Joe Nelson, Staff Writer
Posted: 05/29/2010 07:07:15 AM PDT

Staff at Arrowhead Regional Medical in Colton failed to properly screen children for abuse, overmedicated patients with antipsychotic drugs and painkillers and failed to follow proper guidelines for restraining patients, according to a recently released federal investigative report.

An inspection by the Centers for Medicare and Medicaid Services (CMS) in November also determined that one physician’s assistant was allowed to work at the county hospital for nearly six months without certification, another ordered medication for a patient without a doctor’s approval, and that a doctor removed the appendix of a patient without her consent.

Department heads stand by the quality of care at Arrowhead. They say that certain medical practices scrutinized by the federal agency are common throughout the state and at no time was patient safety at risk.

The county hospital submitted its corrective plan of action to CMS on May 17, but corrected many of the violations in the wake of the inspection, hospital CEO Patrick Petre said.

CMS is expected to re-inspect the hospital by July for compliance.

“For us, we think it was a good experience because it’s going to make the hospital much better. We spent a lot of time on the corrective action,” Petre said.

In one case, investigators learned a doctor failed to immediately examine a 3-year-old girl whose mother claimed she had been molested. A nurse shuffled the two into a waiting room, and the two left without the child being examined.

Hospital spokesman Jorge Valencia said the hospital’s emergency room was bustling that day with trauma patients, and that the mother and daughter left the hospital after waiting only five minutes. He said Colton police were subsequently notified.

The news comes amid complaints from doctors who allege conflicts of interest at the hospital and the way contracts are negotiated and terminated. It has stoked further concerns that the quality of patient care is suffering as a result.

On Tuesday, about 100 doctors clad in white coats gathered at the Board of Supervisors meeting in downtown San Bernardino to voice support of their hospital and the way it is governed.

“We are very passionate about the quality of care we deliver. We will continue to provide exemplary care to the citizens of San Bernardino County,” said Dr. David Lanum, the hospital’s chief of staff.

Supervisor Josie Gonzales, who sits on the county’s joint conference committee for Arrowhead, said she was “heartbroken” that the situation has risen to the level it has and that doctors are fighting their battle in the public arena.

“You must remember that in this life, when the elephants fight, it is the grass that gets trampled,” Gonzales said. “And it is the grass, it is the people who look to you as the giants, that need the respect that seems to be lacking at the present time.”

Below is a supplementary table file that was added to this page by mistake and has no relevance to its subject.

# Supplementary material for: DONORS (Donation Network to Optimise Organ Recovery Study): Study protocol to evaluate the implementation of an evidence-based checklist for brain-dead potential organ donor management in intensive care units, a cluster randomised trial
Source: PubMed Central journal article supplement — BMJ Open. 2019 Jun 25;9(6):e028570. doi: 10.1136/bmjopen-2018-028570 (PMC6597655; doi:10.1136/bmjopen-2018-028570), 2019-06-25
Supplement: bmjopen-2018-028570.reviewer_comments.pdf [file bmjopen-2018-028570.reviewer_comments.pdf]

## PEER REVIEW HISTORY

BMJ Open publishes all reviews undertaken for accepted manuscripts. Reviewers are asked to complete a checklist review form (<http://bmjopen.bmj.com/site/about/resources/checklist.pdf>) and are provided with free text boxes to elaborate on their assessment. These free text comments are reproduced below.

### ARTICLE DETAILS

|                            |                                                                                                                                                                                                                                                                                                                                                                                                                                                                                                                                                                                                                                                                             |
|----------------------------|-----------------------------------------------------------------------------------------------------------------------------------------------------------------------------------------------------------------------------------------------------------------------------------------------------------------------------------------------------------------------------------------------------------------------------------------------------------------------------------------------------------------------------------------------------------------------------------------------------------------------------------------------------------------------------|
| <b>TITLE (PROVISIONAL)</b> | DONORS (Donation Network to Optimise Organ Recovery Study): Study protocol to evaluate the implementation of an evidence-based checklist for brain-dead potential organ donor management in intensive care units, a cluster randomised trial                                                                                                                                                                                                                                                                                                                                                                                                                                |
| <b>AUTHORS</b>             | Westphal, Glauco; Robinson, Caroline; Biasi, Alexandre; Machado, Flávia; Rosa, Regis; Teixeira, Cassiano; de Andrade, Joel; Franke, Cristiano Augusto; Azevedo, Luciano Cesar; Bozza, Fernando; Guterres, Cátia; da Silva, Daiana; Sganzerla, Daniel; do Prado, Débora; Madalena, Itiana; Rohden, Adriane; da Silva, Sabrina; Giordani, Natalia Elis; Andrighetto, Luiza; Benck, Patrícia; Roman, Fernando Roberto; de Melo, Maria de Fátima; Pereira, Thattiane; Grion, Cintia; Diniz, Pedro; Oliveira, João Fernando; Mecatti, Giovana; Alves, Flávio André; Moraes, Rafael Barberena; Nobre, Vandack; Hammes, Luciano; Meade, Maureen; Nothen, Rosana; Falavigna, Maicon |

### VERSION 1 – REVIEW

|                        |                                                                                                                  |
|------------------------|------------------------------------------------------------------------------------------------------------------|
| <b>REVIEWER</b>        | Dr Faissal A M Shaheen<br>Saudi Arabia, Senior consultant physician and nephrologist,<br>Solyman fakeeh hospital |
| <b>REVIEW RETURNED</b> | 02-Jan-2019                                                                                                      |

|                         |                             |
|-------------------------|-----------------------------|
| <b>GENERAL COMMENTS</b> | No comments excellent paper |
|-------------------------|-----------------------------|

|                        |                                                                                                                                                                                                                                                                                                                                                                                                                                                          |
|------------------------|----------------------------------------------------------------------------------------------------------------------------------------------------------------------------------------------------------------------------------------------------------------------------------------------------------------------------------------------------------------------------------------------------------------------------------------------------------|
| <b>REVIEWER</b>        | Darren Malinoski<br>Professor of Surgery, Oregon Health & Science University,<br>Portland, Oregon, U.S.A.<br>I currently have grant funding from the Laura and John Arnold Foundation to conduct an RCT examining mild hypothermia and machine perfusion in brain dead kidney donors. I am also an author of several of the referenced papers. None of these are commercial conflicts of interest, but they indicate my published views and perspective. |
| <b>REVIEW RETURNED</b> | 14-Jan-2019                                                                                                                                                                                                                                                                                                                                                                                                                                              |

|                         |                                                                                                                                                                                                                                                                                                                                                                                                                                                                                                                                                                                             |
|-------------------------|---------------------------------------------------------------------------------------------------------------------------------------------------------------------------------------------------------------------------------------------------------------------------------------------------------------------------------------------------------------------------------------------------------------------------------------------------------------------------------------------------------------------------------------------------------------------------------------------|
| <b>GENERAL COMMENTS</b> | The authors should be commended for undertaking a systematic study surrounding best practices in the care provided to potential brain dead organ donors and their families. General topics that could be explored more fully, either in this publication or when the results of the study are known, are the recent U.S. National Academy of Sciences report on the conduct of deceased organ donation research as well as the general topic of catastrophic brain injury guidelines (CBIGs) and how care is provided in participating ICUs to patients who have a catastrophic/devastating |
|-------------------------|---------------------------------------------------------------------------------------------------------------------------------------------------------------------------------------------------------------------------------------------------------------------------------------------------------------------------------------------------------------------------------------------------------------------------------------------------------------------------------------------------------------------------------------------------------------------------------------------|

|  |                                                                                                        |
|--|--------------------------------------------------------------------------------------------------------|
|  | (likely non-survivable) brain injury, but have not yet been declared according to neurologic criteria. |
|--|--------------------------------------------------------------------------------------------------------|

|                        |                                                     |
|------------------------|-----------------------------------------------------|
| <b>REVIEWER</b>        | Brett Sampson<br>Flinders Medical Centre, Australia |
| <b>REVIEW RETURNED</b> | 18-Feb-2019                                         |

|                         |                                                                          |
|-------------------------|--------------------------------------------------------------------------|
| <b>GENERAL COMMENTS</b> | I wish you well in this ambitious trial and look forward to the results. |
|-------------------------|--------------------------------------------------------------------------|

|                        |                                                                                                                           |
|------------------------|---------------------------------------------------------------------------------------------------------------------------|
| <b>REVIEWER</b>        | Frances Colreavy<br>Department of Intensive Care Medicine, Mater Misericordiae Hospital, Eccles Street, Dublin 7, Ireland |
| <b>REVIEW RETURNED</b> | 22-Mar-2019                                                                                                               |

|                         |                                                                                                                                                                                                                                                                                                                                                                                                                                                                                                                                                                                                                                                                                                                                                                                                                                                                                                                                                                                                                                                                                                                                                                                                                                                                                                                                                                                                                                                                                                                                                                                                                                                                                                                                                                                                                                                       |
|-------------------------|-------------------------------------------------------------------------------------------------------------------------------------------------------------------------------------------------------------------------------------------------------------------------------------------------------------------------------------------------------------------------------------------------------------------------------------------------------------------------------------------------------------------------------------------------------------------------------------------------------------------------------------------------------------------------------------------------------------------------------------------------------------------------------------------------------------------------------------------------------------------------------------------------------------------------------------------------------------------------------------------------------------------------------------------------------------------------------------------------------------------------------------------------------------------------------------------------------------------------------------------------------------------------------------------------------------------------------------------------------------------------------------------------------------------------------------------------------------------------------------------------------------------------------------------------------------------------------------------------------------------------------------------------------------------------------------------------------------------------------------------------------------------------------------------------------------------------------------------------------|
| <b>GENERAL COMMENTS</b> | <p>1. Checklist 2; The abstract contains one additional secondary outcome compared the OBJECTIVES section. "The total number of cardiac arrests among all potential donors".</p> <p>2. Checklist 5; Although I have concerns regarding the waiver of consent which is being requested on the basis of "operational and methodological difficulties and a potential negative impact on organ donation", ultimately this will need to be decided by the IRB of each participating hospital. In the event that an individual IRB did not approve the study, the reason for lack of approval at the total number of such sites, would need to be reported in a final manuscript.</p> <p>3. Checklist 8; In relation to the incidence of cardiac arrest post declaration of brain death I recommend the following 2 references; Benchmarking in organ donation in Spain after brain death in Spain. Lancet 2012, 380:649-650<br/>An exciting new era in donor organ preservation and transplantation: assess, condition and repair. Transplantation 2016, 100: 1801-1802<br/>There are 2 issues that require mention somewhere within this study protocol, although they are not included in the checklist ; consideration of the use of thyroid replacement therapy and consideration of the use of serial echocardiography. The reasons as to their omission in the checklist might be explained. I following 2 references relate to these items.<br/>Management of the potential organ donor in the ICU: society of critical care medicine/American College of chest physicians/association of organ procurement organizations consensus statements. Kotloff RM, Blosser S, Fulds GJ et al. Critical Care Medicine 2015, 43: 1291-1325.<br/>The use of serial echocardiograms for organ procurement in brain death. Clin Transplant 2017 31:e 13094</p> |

In April, CMS warned Arrowhead it was in danger of losing its contract for Medicaid and Medi-Cal services if its corrective plan didn’t pass muster. More than half the hospital’s budget comes from Medicare and Medi-Cal funding.

During the November inspection, investigators also learned that nurses repeatedly failed to rule out child abuse on hospital triage forms. Cited cases included a toddler with a 5-day-old fracture, an 8-year-old boy with pain in his genitalia, a 12-year-old boy with a bruised eye and a 1-year-old boy who had ingested rat poison.

None of the children suffered abuse, said Dr. Rodney Borger, who heads the hospital’s emergency department.

“There wasn’t one case of child abuse that’s come through our emergency department that we didn’t properly report,” Borger said. He said nurses are now required to screen for child abuse in all cases, involving pediatric injuries.

In September 2009, a woman complaining of abdominal pain consented to a surgery that could have resulted in the removal of her ovaries and fallopian tubes. When no abnormalities were found during surgery, the doctor removed the woman’s appendix as a precautionary measure, according to the report.

Dr. Dev GnanaDev, the hospital’s medical director, said the procedure is very routine at hospitals, but inspectors wanted the hospital to change its procedure regardless. Patient consent forms have since been amended.

Arrowhead officials say that CMS has been tougher in its scrutiny of hospitals and patient care in the last year, and that the hospital hasn’t had an inspection of such magnitude in about 10 years.

They say their sentiments are echoed by hospital administrators statewide.

“We’ve been hearing more and more of this in the last eight to 10 months,” said Jim Lott, vice president of the Hospital Association of Southern California, the regional trade organization that oversees hospitals. “We’re hearing from a lot of hospitals that that is the case – that representatives have began to take a much harder line in their reviews of hospitals.”

Steven Chickering, associate regional administrator of CMS’s survey and certification program, said the agency has not changed the way it conducts its investigations, which average around 40 a year statewide and are fueled by complaints.

“The process has not changed. The survey frequency is based on the number of complaints and other information that we feel warrants an investigation,” Chickering said.

He said his agency hasn’t seen an increase in complaints this year over previous years.

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